Biases of Clinicians and Institutions
Throughout the consultation process, health leaders highlighted how institutional values, culture, and behavioral norms perpetuate structural racism and interact with the individual biases of clinicians to determine quality of care for patients of color.
Yale University scholar Dr. Miraj U. Desai shared his findings that “clinics have biases and norms about what an ‘ideal’ patient is, largely based on how well they help the organization to run efficiently. In mental health, the ‘ideal’ patients are verbal, admit a problem, and accept services. If a patient does not exhibit these behaviors considered as normal, modeled in part on Eurocentricity, the system may winnow them out. This creates barriers for Black, Indigenous and people of color, and others who do not fit the predominant racial and cultural norms.”1
Organizational biases intersect with the racial biases of care providers, who have a great deal of autonomy and power to make life-changing and life-ending choices for BIPOC patients.
One person reflected on “seeing 30 of my colleagues perish on the front lines from COVID—and the majority of them were Black and Brown. As hospitals were pushing for autonomy so that they could make determinations around who and when a patient gets a ventilator, I knew that both implicit bias and explicit bias was going to show up. I knew who was gonna end up getting the ventilator and who was not. I realized that just as studies are now indicating that Black babies live longer when they have Black doctors, Black people would probably live longer with COVID if they had Black doctors too.”
Racial bias also has become embedded in medical training and diagnostic tools, including guidelines that predict who is most likely to die in the hospital from acute heart failure, whose kidney transplant is higher risk, and whose lungs have more capacity.
“Originally the spirometer, which is designed to measure lung capacity, was [used to] justify that the hard work that slaves were doing in the field was a good thing because they have lower lung capacity and this [hard work] helps increase their capacity,” one leader said. “And even today, the standard measurements are different for whites and Blacks.”
Further, the health system has a data and research bias that effectively masks structural racism. That bias shows up in what research gets done, what research informs institutional and public policy, and the continued dominance of white men in medical study samples.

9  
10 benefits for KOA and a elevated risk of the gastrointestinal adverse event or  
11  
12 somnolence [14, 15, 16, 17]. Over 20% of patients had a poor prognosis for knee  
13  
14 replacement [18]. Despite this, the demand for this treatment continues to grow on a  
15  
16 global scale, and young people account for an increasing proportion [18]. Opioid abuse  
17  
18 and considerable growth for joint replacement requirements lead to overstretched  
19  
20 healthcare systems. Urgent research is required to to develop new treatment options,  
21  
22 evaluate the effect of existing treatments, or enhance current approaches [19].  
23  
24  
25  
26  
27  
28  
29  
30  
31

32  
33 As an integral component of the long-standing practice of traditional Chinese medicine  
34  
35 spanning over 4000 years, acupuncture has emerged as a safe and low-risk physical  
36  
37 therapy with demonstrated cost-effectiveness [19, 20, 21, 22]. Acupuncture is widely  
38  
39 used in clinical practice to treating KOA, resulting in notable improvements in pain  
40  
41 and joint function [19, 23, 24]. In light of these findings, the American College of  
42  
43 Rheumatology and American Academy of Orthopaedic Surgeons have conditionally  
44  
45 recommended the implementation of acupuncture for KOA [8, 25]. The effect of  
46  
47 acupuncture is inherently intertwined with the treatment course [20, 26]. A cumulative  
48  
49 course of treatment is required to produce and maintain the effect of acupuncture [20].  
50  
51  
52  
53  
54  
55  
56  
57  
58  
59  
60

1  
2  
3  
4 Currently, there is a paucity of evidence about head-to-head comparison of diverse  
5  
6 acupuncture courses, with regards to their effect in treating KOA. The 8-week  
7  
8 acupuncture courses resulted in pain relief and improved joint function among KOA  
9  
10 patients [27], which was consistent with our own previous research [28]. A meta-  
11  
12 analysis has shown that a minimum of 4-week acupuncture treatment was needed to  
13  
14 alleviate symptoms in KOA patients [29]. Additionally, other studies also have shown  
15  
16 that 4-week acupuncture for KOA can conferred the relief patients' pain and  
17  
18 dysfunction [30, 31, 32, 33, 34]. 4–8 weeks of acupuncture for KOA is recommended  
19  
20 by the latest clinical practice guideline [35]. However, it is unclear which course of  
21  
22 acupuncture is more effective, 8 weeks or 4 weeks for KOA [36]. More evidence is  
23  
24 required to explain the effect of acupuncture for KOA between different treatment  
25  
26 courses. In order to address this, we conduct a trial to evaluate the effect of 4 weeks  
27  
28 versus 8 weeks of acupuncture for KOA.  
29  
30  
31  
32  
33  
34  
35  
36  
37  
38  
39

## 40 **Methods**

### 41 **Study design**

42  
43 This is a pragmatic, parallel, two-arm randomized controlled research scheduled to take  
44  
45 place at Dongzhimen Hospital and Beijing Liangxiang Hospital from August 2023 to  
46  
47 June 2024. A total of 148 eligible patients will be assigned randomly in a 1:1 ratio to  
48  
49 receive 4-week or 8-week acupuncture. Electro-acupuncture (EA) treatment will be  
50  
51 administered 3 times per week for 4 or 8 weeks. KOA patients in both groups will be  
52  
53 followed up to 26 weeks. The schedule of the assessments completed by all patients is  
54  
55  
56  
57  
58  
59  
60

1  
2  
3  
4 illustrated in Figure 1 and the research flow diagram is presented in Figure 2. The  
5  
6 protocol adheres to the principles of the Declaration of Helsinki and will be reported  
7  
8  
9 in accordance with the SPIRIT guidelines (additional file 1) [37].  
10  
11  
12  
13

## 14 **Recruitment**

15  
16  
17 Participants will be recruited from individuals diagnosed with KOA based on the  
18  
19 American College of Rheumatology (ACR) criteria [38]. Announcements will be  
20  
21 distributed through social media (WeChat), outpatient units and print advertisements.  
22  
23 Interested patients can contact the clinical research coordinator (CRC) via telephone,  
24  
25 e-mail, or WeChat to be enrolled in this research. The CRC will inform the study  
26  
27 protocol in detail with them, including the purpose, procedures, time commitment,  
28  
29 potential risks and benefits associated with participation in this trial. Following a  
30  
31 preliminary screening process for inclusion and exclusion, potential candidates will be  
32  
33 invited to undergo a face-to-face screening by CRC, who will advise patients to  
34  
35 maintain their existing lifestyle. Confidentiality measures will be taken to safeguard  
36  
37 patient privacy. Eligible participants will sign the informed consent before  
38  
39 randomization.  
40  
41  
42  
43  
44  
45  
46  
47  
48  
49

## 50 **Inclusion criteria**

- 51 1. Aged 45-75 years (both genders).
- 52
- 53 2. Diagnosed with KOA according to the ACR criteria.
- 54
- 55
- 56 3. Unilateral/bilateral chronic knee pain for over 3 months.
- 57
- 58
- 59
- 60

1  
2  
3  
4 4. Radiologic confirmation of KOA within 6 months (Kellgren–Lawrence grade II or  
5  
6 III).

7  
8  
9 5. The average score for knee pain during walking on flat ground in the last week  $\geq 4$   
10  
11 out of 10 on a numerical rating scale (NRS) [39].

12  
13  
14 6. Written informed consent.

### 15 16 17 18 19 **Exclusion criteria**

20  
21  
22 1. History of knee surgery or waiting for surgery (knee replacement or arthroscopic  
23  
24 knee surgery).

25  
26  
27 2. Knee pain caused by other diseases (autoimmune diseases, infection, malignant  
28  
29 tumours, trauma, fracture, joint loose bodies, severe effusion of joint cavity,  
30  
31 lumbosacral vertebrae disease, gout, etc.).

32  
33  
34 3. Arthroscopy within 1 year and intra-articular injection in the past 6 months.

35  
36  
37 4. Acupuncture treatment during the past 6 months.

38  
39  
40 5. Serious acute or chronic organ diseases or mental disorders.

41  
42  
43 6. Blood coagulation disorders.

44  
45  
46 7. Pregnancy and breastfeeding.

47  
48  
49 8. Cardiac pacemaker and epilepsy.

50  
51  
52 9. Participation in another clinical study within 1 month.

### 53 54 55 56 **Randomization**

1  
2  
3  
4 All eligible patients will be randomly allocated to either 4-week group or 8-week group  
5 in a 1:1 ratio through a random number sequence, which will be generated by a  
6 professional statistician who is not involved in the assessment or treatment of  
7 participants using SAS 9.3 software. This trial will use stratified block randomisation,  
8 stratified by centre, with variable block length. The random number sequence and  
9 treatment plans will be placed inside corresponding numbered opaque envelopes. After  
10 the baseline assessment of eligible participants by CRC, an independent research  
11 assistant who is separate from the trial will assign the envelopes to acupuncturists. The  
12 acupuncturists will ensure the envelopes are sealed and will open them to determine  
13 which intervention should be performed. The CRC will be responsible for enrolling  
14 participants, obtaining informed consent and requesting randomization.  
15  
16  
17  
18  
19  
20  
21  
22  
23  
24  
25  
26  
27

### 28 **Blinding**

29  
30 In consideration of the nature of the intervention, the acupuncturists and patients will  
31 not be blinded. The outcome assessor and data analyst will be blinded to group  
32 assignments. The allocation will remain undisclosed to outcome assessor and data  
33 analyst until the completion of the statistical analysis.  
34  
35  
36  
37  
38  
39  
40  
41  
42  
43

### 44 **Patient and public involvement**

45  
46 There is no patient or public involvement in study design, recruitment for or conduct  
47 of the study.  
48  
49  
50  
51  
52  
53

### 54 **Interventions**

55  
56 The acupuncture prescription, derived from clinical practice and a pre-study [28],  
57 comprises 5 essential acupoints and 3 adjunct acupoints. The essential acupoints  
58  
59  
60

Many leaders also noted how bias and discrimination around race and ethnicity in medical research, diagnostics, treatment, and public health also reflected systemic bias against women, the LGBT community, and people with disabilities. And for people with multiple marginalized identities, the harm of discrimination and bias is compounded.
Most health systems don’t track or effectively analyze data associating race, ethnicity, language, and other marginalized identities of patients with their outcomes, so they don’t see the real impacts of their policies and practices in BIPOC people.
As one person shared, “To collect data on race, ethnicity, age, language proficiency, you need a fairly sophisticated person to do that, but right now you have the lowest paid intake people collecting that data. So, in general, most organizations are not working with perfect data. We need regulators to require the collection of data and to reward organizations who are reducing gaps and penalize organizations who are not. Until we have that kind of system in place, it’s not going to happen.”
Many said that good data provides an opportunity to define and work with clear quality metrics to drive improvements and close gaps in race-associated outcomes.
“The architecture of data systems reflects inherent values and biases and discrimination even in terms of who is invisible in our data systems,” a health leader said. “We need to reimagine a different table set for who is designing our data systems [where patient/communities most impacted are included], what data would be in there, but also, who decides how those data are used, and how we could use data to drive incentives and alignment to get us to the goal of equity in our health outcomes.”
Added another leader: “There is a need for an organization to turn a lens on itself, for them to explore individual bias and prejudices, especially leaders. There’s a need for greater self-reflection and self-honesty.”
These are the views of health leaders who participated in an 8-month project to analyze structural racism across the U.S. health system and provide recommendations for the collective leadership required to dismantle it.
“Implicit Organizational Bias: Mental Health Treatment Culture and Norms as Barriers to Engaging With Diversity,” Desai, Paranamana, Restrepo-Toro, O’Connell, Davidson (2021).